Mark Buchanan considers the prospects for encouraging greater scientific innovation in the April issue of Physics World. He suggests that scientific discoveries satisfy a power law distribution, that "the largest events are hugely disproportionate in their consequences. In the metaphor of Nassim Nicholas Taleb’s 2007 best seller The Black Swan, it is not the normal events, the mundane and expected 'white swans' that matter the most, but the outliers, the completely unexpected 'black swans'."

Physicist Eric Weinstein proposes that scientific innovation could be encouraged by the creation of a financial options market in scientific ideas: "Weinstein’s point is that markets, in theory at least, work efficiently and — putting the current financial meltdown to one side — lead to the accurate valuation of products. They exploit the 'wisdom of crowds', as a popular book of the same title recently put it."

Yes, putting the current financial meltdown to one side. Apart from that.

Friday, April 10, 2009

The Eureka machine and cliodynamics

Computers are incredibly fast, accurate, and stupid. Human beings are incredibly slow, inaccurate, and brilliant. Together they are powerful beyond imagination. (Einstein)

Michael Schmidt and Hod Lipson have apparently developed an automated search algorithm which discovers physical laws and conservation equations from scratch. The algorithm scrutinises the experimental data extracted from the motion capture of physical systems, and reproduces the classical laws which explain the data. Or, as The Guardian claimed, Schmidt and Lipson have developed a 'Eureka machine'.

In a technique Schmidt and Lipson refer to as 'symbolic regression', their algorithm searches the space of possible mathematical expressions until it finds analytical expressions which reproduce the empirical data. Starting from algebraic operations and simple analytical functions such as sine and cosine, the algorithm randomly re-combines previous equations and parameters, and tests each set of expressions for accuracy against the empirical data, until it reaches a desired level of accuracy. Schmidt and Lipson's algorithm was able to converge on the Hamiltonians, Lagrangians and force laws of classical physical systems, including non-linear systems.

As an aside, if it is true that civilization is a non-linear classical physical system, then Schmidt and Lipson's algorithm could perhaps be applied to the data generated by human history, to discover the fundamental laws of cliodynamics. The difficulties of extracting empirical data in this case, where there is only historical documentation rather than motion capture, are obviously not to be underestimated. Moreover, whilst Schmidt and Lipson are able to pre-specify what the state variables of their systems are - they direct their software to look at positions, velocities and accelerations - in the case of cliodynamics, a central difficulty is identifying what the state variables actually are.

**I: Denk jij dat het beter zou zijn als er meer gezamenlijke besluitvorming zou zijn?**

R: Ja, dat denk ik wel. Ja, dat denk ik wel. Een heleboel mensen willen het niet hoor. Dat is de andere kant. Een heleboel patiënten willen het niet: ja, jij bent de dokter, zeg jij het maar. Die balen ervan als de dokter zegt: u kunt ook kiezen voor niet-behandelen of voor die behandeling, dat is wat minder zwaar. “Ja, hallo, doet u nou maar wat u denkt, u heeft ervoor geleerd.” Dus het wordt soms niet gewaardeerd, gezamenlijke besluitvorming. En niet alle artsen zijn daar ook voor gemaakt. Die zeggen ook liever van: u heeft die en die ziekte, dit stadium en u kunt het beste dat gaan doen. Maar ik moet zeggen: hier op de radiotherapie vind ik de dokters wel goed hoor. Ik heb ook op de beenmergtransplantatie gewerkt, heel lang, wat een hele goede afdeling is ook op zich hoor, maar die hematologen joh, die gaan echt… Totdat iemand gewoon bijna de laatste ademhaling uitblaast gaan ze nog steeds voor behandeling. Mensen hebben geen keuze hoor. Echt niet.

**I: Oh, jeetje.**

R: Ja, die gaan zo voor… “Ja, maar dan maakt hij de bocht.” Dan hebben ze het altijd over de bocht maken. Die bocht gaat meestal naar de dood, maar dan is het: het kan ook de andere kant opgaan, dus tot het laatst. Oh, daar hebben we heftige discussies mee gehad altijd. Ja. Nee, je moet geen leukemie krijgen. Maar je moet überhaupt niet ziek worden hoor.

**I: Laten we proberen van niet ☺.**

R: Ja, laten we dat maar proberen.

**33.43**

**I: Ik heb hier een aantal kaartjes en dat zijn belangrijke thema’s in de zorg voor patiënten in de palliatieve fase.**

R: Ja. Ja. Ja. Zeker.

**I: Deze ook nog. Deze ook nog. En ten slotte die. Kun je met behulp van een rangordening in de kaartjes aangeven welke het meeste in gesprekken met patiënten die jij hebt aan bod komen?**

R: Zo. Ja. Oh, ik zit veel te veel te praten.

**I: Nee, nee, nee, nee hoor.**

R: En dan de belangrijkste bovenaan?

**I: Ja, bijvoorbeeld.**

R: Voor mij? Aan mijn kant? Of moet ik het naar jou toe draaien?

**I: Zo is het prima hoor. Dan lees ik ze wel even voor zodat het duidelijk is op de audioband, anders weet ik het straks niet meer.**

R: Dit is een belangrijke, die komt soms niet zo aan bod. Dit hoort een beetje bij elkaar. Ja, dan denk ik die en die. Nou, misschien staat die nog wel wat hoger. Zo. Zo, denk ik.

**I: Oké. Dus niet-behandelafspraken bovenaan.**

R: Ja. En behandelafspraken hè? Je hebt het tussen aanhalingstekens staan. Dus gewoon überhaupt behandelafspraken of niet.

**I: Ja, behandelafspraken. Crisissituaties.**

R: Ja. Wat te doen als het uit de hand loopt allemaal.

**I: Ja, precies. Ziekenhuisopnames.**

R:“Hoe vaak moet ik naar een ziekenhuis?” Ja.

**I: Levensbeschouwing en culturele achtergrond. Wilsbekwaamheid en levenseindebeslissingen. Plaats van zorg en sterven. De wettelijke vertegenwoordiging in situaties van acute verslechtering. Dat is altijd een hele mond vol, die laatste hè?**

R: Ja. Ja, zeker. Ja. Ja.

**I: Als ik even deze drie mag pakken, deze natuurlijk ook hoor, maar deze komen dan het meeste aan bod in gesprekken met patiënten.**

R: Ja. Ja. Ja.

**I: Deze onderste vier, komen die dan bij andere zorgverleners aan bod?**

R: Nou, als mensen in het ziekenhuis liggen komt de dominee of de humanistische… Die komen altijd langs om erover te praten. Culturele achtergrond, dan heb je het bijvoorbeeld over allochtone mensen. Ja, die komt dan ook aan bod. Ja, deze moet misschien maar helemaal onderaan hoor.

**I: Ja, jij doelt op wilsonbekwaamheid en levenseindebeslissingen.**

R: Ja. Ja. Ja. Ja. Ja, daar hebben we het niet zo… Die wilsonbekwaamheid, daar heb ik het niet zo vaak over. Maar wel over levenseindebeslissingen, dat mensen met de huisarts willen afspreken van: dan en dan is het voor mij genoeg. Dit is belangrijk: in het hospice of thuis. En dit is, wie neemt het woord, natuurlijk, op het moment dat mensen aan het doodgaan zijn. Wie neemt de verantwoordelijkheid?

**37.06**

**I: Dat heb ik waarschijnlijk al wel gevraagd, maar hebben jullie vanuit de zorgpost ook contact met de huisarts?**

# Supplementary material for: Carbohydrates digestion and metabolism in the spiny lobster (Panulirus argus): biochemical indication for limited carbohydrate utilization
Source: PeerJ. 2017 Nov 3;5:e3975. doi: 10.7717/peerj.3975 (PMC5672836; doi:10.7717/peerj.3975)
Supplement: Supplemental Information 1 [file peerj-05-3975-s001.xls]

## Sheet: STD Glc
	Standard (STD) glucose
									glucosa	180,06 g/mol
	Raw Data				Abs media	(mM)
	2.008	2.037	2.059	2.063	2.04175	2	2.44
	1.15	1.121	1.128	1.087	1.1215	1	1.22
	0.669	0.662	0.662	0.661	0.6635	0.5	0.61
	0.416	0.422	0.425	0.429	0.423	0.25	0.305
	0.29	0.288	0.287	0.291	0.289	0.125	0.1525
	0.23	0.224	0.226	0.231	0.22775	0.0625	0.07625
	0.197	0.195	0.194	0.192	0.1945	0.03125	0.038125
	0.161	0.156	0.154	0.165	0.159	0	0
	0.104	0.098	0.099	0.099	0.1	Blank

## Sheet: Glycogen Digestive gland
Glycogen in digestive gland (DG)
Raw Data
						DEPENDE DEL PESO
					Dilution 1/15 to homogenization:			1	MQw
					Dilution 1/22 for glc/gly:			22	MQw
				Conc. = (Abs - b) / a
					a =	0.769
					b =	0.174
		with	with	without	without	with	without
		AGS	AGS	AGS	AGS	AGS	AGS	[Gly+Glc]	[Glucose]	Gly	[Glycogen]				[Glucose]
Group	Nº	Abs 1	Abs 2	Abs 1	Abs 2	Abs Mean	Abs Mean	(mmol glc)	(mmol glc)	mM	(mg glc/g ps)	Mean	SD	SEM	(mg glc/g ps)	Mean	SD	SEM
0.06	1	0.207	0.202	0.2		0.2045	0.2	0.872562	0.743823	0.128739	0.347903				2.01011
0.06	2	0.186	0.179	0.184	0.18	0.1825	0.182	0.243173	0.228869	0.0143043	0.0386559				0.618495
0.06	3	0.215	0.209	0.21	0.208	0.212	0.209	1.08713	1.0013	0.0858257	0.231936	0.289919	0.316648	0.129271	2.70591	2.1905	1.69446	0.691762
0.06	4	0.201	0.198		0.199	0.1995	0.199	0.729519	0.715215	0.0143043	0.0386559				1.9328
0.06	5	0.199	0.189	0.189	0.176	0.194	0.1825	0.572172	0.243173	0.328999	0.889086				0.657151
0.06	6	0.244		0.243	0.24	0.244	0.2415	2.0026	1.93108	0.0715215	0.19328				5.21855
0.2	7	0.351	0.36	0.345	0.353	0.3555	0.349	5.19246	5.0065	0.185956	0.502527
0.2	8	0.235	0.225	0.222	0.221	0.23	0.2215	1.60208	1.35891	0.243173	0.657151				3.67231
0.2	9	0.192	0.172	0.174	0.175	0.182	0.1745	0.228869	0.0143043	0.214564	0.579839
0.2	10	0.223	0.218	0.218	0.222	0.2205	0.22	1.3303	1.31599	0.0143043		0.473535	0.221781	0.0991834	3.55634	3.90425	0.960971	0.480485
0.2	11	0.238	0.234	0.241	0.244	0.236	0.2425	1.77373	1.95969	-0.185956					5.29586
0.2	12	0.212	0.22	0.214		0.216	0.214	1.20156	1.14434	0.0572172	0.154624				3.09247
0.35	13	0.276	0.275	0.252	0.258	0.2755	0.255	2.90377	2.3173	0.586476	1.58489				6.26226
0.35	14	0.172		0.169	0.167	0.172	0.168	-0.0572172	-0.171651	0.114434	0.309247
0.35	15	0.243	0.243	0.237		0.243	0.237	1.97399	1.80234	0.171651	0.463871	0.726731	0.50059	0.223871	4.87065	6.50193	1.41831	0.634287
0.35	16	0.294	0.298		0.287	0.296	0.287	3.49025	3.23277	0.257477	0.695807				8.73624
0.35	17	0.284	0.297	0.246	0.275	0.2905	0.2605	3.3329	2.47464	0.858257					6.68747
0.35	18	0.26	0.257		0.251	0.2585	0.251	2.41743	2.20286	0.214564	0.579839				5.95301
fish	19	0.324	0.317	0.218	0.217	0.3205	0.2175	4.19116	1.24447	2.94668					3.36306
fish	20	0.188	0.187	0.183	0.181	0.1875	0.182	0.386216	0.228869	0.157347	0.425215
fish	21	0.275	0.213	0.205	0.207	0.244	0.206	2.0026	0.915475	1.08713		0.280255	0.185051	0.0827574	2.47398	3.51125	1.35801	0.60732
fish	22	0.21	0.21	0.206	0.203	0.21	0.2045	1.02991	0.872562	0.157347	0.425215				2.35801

Schmidt and Lipson's work raises a number of funamental issues for both the philosophy of science, and for physics. The fact that their algorithm converges on unique, self-consistent laws, seems to undermine the purported underdetermination of theory by data, a popular bone of contention in the philosophy of science.

It also looks like this work is the first serious step down a road which will considerably alter, and perhaps reduce the creative opportunities for physicists. There would still be, of course, the need to develop such algorithms, to prepare the input data, and to interpret the output. And it should also be emphasised that, from the perspective of mathematical physics, the primary creative task is the discovery of mathematical structures, not the discovery of the laws satisfied by the variables embedded in those structures. An algorithm which discovers the mathematical structures necessary to represent the physical world is a step beyond the work of Schmidt and Lipson. Nevertheless, whilst mathematical physicists might take this consolation, the long-term prospects may not be quite as rosy for their counterparts in theoretical physics.

Wednesday, April 08, 2009

Ontological parasitism and double-decker diffusers

It might come as something of a surprise to Ross Brawn and his colleagues at Williams and Toyota, but the double-decker diffusers used by their respective Formula 1 teams, depend for their efficacy upon ontologically parasitic immaterial particulars.

The underneath of a Formula 1 car consists of a reference plane astride the centreline of the car, and a step plane 50mm above it on either side. The upper deck of a double-decker diffuser is fed by airflow from apertures located underneath the car, in the vertical wall joining the step plane and the reference plane. The legality of these diffusers will be the subject of an FIA appeal hearing next Tuesday, and a central part of the argument concerns whether these apertures constitute fully enclosed holes in a continuous surface, or merely slots between two separate surfaces.

Thus, at next week's hearing, I suggest that the plaintiffs (Ferrari, Renault, BMW and Red Bull) should call Achille C. Varzi as an expert witness. Varzi, we might recall, is a Professor of Philosophy at Columbia University, who is a world authority on the nature of holes. Varzi points out that holes are particular entities, with specific sizes and shapes, but they are made of nothing. Hence, philosophically speaking, holes are immaterial particulars. They are also ontologically parasitic, in the sense that they depend upon other, material entities, for their existence.